IMPACT OF COMPLIANCE There is a dearth of readily available information regarding what constitutes a safe place of work, how to manage electrical reports and how to evidence the continuous monitoring and maintenance of electrical installations. This information is vital in providing a dutyholder with a defence in law, should there be a breach of the EaWR 1989, and this absence is one of the main reasons for the current indifference towards electrical compliance.


25 YEARS’ EXPERIENCE DISTILLED


INTO SIMPLE LESSONS Guardian has gained an invaluable insight into the right approach to compliance through thousands of client appointments over a 25-year period, chairing regular client dutyholder meetings, delivering over 70 National Electrical Safety Seminars and currently advising a client base of over 2,500 end users. Electrical compliance requires serious focus and ongoing attention from a collaborative working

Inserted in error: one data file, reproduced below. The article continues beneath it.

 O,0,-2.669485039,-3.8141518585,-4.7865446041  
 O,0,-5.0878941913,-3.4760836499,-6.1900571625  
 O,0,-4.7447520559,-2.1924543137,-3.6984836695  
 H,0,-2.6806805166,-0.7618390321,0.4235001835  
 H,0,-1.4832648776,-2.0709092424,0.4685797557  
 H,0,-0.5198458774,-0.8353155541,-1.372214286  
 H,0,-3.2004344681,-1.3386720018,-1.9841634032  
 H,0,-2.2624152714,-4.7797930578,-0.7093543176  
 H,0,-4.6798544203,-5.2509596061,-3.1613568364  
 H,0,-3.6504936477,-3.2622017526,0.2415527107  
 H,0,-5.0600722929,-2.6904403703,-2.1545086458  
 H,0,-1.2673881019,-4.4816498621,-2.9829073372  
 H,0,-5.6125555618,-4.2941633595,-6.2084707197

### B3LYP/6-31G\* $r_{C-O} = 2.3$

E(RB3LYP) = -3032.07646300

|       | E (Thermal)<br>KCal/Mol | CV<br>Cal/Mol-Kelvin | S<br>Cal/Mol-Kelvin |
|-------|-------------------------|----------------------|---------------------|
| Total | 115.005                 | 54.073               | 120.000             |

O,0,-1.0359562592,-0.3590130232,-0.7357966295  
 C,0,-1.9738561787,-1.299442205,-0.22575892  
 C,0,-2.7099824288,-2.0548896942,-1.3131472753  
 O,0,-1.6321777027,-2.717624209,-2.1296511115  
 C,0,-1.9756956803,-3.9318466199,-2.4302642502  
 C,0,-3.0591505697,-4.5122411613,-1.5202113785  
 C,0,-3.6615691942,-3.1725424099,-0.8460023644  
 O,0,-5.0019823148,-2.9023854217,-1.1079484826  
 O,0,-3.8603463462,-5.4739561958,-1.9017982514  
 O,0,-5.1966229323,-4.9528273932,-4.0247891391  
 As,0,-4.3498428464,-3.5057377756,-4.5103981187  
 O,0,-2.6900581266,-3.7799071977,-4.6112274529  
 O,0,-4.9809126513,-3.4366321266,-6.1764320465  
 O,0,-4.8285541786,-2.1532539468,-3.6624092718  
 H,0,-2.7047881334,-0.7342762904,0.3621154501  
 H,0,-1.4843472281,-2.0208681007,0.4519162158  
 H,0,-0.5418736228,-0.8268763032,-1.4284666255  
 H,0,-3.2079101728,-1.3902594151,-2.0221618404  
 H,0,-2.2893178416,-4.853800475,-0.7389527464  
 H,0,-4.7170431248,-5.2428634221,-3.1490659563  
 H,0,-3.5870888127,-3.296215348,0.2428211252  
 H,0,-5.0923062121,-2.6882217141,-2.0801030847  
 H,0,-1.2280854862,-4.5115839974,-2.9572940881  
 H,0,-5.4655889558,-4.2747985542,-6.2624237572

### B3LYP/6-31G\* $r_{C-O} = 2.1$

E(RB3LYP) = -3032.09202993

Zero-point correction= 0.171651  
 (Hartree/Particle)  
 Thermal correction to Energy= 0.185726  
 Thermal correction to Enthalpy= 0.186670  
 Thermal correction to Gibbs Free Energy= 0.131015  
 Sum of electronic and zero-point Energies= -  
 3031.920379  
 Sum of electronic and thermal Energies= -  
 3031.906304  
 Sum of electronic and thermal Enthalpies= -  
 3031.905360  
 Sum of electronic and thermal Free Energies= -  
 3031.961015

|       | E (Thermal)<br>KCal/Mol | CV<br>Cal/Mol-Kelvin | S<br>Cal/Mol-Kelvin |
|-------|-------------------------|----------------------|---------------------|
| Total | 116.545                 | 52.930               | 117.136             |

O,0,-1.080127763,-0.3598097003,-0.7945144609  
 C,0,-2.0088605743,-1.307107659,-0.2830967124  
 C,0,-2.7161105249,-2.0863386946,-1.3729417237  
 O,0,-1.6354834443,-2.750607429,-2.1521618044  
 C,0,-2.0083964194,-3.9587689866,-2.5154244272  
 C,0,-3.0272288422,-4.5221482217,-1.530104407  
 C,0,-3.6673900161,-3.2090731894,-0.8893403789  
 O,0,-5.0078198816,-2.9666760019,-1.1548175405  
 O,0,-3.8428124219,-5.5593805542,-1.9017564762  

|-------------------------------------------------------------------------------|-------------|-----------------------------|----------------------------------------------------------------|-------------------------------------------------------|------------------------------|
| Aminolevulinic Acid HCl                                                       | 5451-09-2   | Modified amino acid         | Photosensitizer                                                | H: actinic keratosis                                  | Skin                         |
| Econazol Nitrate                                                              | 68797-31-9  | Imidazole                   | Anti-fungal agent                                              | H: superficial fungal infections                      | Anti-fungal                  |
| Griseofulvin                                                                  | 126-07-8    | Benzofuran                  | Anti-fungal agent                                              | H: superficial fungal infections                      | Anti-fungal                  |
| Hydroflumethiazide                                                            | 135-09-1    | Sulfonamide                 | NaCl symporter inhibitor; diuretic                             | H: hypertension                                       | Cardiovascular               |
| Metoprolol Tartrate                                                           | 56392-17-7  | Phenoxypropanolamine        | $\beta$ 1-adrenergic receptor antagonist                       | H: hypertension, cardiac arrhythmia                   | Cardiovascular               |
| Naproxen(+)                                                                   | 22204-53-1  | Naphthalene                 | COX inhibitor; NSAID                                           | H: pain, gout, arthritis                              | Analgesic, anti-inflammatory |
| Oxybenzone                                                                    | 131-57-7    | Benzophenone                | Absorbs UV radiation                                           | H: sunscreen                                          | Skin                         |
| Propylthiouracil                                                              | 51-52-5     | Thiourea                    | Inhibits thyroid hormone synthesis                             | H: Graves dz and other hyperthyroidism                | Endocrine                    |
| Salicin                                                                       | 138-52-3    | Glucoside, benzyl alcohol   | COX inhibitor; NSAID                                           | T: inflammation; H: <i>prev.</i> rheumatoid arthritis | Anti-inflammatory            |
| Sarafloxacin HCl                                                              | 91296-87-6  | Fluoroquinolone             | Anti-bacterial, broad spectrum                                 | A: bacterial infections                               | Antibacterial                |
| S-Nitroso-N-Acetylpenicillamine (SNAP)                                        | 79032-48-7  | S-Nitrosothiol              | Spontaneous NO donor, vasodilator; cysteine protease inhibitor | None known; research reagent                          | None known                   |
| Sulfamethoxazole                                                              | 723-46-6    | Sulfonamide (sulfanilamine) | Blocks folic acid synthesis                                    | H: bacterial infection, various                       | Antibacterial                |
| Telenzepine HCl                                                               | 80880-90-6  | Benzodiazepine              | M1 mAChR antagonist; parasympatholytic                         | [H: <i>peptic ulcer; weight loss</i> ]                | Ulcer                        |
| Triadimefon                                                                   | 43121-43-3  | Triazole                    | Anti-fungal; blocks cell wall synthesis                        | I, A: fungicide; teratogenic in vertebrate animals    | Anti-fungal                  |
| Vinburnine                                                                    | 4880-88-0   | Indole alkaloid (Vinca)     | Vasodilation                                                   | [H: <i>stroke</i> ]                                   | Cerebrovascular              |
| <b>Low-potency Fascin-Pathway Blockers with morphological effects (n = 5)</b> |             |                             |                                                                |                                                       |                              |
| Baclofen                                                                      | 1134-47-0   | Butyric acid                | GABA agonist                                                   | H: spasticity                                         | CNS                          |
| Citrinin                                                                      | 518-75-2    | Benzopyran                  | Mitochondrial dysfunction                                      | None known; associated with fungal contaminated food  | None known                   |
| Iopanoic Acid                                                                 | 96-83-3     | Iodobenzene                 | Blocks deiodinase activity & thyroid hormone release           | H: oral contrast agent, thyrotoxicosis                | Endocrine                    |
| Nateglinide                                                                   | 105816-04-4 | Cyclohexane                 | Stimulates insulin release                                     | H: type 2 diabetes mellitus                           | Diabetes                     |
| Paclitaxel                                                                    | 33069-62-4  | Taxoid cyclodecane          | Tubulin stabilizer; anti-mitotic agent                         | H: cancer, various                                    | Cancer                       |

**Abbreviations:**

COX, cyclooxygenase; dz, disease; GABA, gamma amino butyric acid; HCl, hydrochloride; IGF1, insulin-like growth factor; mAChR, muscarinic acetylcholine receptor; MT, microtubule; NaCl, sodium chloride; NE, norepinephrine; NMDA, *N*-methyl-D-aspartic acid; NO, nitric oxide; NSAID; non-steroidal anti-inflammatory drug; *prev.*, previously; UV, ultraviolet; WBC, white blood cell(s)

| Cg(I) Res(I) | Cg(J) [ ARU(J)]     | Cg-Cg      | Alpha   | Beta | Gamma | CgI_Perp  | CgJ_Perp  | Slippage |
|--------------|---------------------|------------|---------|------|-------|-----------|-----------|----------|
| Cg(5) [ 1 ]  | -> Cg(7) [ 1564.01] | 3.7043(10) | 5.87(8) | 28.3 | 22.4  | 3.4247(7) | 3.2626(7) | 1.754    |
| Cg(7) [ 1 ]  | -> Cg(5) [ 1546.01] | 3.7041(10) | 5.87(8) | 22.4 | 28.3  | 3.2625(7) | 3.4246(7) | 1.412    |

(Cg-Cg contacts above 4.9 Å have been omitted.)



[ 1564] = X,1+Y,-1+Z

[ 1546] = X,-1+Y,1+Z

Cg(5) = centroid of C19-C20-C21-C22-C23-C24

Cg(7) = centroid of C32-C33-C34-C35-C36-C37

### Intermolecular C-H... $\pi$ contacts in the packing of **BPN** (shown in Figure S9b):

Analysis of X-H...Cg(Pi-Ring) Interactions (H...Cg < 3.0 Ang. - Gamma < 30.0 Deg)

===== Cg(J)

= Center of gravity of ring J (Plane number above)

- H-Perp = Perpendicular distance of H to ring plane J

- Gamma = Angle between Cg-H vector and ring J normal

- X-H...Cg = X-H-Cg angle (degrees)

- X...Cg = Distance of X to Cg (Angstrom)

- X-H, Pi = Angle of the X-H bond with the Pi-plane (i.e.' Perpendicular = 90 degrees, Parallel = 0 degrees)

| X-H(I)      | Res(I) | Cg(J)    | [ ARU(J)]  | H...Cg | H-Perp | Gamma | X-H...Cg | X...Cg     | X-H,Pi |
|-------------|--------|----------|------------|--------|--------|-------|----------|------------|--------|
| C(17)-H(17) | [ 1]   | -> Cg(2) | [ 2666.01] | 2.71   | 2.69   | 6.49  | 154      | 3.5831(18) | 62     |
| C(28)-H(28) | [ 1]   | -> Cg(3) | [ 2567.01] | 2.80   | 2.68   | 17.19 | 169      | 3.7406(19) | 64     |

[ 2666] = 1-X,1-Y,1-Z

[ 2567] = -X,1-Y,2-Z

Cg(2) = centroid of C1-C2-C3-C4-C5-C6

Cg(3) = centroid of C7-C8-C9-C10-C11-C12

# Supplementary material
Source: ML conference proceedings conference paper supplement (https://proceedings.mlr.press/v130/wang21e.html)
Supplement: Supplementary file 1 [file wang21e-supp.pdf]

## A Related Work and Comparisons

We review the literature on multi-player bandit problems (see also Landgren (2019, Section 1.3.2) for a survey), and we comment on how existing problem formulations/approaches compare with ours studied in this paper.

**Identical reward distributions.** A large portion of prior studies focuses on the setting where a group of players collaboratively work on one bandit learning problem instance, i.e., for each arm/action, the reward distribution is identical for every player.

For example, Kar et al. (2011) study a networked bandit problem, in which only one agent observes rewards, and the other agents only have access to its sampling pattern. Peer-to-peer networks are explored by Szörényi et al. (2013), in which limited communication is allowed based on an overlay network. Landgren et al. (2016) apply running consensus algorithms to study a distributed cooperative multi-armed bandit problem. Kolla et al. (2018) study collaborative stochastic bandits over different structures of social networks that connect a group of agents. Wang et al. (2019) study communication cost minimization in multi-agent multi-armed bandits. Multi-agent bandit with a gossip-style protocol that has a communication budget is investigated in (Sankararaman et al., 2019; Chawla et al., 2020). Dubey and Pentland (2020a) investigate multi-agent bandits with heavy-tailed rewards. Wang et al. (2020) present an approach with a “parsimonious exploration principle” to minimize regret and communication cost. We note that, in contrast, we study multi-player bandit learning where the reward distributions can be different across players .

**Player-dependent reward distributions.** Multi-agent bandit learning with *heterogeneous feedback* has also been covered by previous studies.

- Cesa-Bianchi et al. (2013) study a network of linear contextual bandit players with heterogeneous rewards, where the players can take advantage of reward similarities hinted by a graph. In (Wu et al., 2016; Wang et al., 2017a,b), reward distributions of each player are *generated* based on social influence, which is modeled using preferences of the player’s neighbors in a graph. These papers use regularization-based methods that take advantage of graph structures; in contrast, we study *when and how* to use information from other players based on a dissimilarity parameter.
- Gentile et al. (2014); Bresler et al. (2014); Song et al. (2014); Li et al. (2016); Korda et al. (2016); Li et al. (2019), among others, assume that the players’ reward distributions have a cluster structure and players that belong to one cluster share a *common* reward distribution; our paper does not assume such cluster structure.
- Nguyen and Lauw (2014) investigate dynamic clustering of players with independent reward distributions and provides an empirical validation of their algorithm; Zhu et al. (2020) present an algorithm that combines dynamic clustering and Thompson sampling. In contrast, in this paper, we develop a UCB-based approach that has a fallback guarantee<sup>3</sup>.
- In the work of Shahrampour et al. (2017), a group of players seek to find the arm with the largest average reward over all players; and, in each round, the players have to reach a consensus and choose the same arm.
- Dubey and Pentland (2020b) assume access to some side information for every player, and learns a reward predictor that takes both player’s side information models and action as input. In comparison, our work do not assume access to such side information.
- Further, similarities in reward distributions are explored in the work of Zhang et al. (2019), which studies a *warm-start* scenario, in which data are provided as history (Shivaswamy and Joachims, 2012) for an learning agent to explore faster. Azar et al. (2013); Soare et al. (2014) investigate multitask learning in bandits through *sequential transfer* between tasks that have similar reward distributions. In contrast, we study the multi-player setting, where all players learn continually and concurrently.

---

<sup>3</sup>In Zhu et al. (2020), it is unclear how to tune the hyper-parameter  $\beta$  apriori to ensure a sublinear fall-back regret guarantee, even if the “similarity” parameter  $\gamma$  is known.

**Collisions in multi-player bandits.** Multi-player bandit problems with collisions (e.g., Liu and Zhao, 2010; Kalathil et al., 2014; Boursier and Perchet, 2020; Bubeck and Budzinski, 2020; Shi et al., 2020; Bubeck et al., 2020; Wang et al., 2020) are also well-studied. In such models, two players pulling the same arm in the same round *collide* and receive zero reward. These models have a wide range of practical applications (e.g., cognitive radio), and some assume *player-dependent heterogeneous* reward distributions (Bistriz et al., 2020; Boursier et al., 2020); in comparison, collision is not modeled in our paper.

partnership between supplier and client. It should never be about simply uploading records to a server until the next time, be it three or five years. Indeed Regulation 4 (1) & (2) of EaWR 1989


states: As may be necessary to prevent danger, all systems, shall at all times be of such construction, so as not to give rise to danger: • All systems – from a battery to a power station •


All times – no days off, no respite


• Construction – designed, installed maintained and operated


The regulation is difficult, if not impossible to